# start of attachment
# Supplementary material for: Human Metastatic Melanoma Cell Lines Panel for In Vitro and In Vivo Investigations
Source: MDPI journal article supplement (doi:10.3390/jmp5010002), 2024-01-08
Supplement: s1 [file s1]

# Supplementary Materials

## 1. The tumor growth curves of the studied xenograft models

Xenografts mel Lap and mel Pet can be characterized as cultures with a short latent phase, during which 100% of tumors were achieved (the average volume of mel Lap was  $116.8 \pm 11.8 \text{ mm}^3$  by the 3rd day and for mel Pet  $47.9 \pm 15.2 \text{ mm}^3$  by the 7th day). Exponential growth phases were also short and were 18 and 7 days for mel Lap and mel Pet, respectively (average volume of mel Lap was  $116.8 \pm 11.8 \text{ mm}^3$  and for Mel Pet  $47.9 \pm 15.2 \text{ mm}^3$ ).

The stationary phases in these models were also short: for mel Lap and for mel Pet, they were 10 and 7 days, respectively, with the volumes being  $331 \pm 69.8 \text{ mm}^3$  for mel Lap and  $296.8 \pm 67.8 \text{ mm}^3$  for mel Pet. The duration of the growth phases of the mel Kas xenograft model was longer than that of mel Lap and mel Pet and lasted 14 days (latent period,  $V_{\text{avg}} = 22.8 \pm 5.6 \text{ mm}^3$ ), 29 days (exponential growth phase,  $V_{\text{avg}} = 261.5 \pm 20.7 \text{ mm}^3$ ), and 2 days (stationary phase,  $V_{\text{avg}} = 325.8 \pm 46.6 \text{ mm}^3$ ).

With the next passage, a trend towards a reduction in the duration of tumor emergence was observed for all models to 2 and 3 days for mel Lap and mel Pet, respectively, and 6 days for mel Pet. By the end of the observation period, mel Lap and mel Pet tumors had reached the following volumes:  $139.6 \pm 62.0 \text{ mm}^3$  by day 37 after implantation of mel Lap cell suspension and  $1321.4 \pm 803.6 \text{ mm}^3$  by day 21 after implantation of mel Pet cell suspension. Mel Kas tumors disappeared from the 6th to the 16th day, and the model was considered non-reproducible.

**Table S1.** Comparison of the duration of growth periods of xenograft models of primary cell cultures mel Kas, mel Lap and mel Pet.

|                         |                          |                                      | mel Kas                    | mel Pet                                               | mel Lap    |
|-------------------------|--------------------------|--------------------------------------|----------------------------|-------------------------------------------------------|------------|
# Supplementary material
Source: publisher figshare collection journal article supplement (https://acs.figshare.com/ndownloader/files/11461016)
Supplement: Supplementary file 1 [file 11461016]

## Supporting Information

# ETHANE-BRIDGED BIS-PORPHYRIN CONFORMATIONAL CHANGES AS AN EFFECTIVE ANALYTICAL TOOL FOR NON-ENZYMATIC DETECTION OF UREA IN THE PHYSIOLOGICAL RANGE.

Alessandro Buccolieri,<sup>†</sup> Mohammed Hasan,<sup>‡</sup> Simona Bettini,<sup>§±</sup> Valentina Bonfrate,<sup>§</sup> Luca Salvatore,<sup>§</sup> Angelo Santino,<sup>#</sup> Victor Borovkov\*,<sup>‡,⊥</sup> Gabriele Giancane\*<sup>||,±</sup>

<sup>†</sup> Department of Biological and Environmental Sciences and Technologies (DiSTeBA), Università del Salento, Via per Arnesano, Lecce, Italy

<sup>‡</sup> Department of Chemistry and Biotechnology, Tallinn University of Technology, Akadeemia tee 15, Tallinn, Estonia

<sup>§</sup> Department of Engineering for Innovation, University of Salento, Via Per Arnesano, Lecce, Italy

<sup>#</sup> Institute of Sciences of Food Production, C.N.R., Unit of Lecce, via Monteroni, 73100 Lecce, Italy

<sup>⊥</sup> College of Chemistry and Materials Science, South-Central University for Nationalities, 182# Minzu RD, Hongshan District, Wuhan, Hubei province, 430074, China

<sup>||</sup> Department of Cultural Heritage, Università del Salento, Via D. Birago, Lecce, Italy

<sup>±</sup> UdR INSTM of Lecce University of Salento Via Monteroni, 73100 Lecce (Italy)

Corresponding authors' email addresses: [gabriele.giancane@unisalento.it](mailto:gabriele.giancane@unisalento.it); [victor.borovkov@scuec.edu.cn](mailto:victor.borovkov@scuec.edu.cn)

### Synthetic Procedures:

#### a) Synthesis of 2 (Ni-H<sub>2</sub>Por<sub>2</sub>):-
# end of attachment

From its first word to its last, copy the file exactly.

# Supplementary material for: Human Metastatic Melanoma Cell Lines Panel for In Vitro and In Vivo Investigations
Source: MDPI journal article supplement (doi:10.3390/jmp5010002), 2024-01-08
Supplement: s1 [file s1]

# Supplementary Materials

## 1. The tumor growth curves of the studied xenograft models

Xenografts mel Lap and mel Pet can be characterized as cultures with a short latent phase, during which 100% of tumors were achieved (the average volume of mel Lap was  $116.8 \pm 11.8 \text{ mm}^3$  by the 3rd day and for mel Pet  $47.9 \pm 15.2 \text{ mm}^3$  by the 7th day). Exponential growth phases were also short and were 18 and 7 days for mel Lap and mel Pet, respectively (average volume of mel Lap was  $116.8 \pm 11.8 \text{ mm}^3$  and for Mel Pet  $47.9 \pm 15.2 \text{ mm}^3$ ).

The stationary phases in these models were also short: for mel Lap and for mel Pet, they were 10 and 7 days, respectively, with the volumes being  $331 \pm 69.8 \text{ mm}^3$  for mel Lap and  $296.8 \pm 67.8 \text{ mm}^3$  for mel Pet. The duration of the growth phases of the mel Kas xenograft model was longer than that of mel Lap and mel Pet and lasted 14 days (latent period,  $V_{\text{avg}} = 22.8 \pm 5.6 \text{ mm}^3$ ), 29 days (exponential growth phase,  $V_{\text{avg}} = 261.5 \pm 20.7 \text{ mm}^3$ ), and 2 days (stationary phase,  $V_{\text{avg}} = 325.8 \pm 46.6 \text{ mm}^3$ ).

With the next passage, a trend towards a reduction in the duration of tumor emergence was observed for all models to 2 and 3 days for mel Lap and mel Pet, respectively, and 6 days for mel Pet. By the end of the observation period, mel Lap and mel Pet tumors had reached the following volumes:  $139.6 \pm 62.0 \text{ mm}^3$  by day 37 after implantation of mel Lap cell suspension and  $1321.4 \pm 803.6 \text{ mm}^3$  by day 21 after implantation of mel Pet cell suspension. Mel Kas tumors disappeared from the 6th to the 16th day, and the model was considered non-reproducible.

**Table S1.** Comparison of the duration of growth periods of xenograft models of primary cell cultures mel Kas, mel Lap and mel Pet.

|                         |                          |                                      | mel Kas                    | mel Pet                                               | mel Lap    |
|-------------------------|--------------------------|--------------------------------------|----------------------------|-------------------------------------------------------|------------|
# Supplementary material
Source: publisher figshare collection journal article supplement (https://acs.figshare.com/ndownloader/files/11461016)
Supplement: Supplementary file 1 [file 11461016]

## Supporting Information

# ETHANE-BRIDGED BIS-PORPHYRIN CONFORMATIONAL CHANGES AS AN EFFECTIVE ANALYTICAL TOOL FOR NON-ENZYMATIC DETECTION OF UREA IN THE PHYSIOLOGICAL RANGE.

Alessandro Buccolieri,<sup>†</sup> Mohammed Hasan,<sup>‡</sup> Simona Bettini,<sup>§±</sup> Valentina Bonfrate,<sup>§</sup> Luca Salvatore,<sup>§</sup> Angelo Santino,<sup>#</sup> Victor Borovkov\*,<sup>‡,⊥</sup> Gabriele Giancane\*<sup>||,±</sup>

<sup>†</sup> Department of Biological and Environmental Sciences and Technologies (DiSTeBA), Università del Salento, Via per Arnesano, Lecce, Italy

<sup>‡</sup> Department of Chemistry and Biotechnology, Tallinn University of Technology, Akadeemia tee 15, Tallinn, Estonia

<sup>§</sup> Department of Engineering for Innovation, University of Salento, Via Per Arnesano, Lecce, Italy

<sup>#</sup> Institute of Sciences of Food Production, C.N.R., Unit of Lecce, via Monteroni, 73100 Lecce, Italy

<sup>⊥</sup> College of Chemistry and Materials Science, South-Central University for Nationalities, 182# Minzu RD, Hongshan District, Wuhan, Hubei province, 430074, China

<sup>||</sup> Department of Cultural Heritage, Università del Salento, Via D. Birago, Lecce, Italy

<sup>±</sup> UdR INSTM of Lecce University of Salento Via Monteroni, 73100 Lecce (Italy)

Corresponding authors' email addresses: [gabriele.giancane@unisalento.it](mailto:gabriele.giancane@unisalento.it); [victor.borovkov@scuec.edu.cn](mailto:victor.borovkov@scuec.edu.cn)

### Synthetic Procedures:

#### a) Synthesis of 2 (Ni-H<sub>2</sub>Por<sub>2</sub>):-